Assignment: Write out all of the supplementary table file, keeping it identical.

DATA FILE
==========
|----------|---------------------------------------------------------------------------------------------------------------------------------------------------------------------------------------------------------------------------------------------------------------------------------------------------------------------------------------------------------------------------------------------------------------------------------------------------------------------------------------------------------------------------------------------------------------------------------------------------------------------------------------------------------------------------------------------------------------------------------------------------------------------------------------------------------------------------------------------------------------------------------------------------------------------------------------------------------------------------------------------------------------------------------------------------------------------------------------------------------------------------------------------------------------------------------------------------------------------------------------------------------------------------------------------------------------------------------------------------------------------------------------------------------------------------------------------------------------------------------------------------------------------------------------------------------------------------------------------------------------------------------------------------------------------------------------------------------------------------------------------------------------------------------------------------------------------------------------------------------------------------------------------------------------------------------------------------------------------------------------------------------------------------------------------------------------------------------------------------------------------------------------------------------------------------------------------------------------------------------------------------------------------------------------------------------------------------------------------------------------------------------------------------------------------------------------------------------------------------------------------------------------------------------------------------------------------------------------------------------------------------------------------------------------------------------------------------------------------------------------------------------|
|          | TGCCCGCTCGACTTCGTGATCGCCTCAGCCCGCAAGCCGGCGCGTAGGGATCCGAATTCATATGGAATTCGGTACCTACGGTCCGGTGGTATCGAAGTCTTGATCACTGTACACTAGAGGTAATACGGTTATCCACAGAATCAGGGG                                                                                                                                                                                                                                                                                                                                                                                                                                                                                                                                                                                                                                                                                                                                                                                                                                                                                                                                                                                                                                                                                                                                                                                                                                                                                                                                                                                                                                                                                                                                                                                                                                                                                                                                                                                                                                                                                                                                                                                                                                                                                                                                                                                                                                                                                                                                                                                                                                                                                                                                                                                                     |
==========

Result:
|----------|---------------------------------------------------------------------------------------------------------------------------------------------------------------------------------------------------------------------------------------------------------------------------------------------------------------------------------------------------------------------------------------------------------------------------------------------------------------------------------------------------------------------------------------------------------------------------------------------------------------------------------------------------------------------------------------------------------------------------------------------------------------------------------------------------------------------------------------------------------------------------------------------------------------------------------------------------------------------------------------------------------------------------------------------------------------------------------------------------------------------------------------------------------------------------------------------------------------------------------------------------------------------------------------------------------------------------------------------------------------------------------------------------------------------------------------------------------------------------------------------------------------------------------------------------------------------------------------------------------------------------------------------------------------------------------------------------------------------------------------------------------------------------------------------------------------------------------------------------------------------------------------------------------------------------------------------------------------------------------------------------------------------------------------------------------------------------------------------------------------------------------------------------------------------------------------------------------------------------------------------------------------------------------------------------------------------------------------------------------------------------------------------------------------------------------------------------------------------------------------------------------------------------------------------------------------------------------------------------------------------------------------------------------------------------------------------------------------------------------------------------------|
|          | TGCCCGCTCGACTTCGTGATCGCCTCAGCCCGCAAGCCGGCGCGTAGGGATCCGAATTCATATGGAATTCGGTACCTACGGTCCGGTGGTATCGAAGTCTTGATCACTGTACACTAGAGGTAATACGGTTATCCACAGAATCAGGGG                                                                                                                                                                                                                                                                                                                                                                                                                                                                                                                                                                                                                                                                                                                                                                                                                                                                                                                                                                                                                                                                                                                                                                                                                                                                                                                                                                                                                                                                                                                                                                                                                                                                                                                                                                                                                                                                                                                                                                                                                                                                                                                                                                                                                                                                                                                                                                                                                                                                                                                                                                                                     |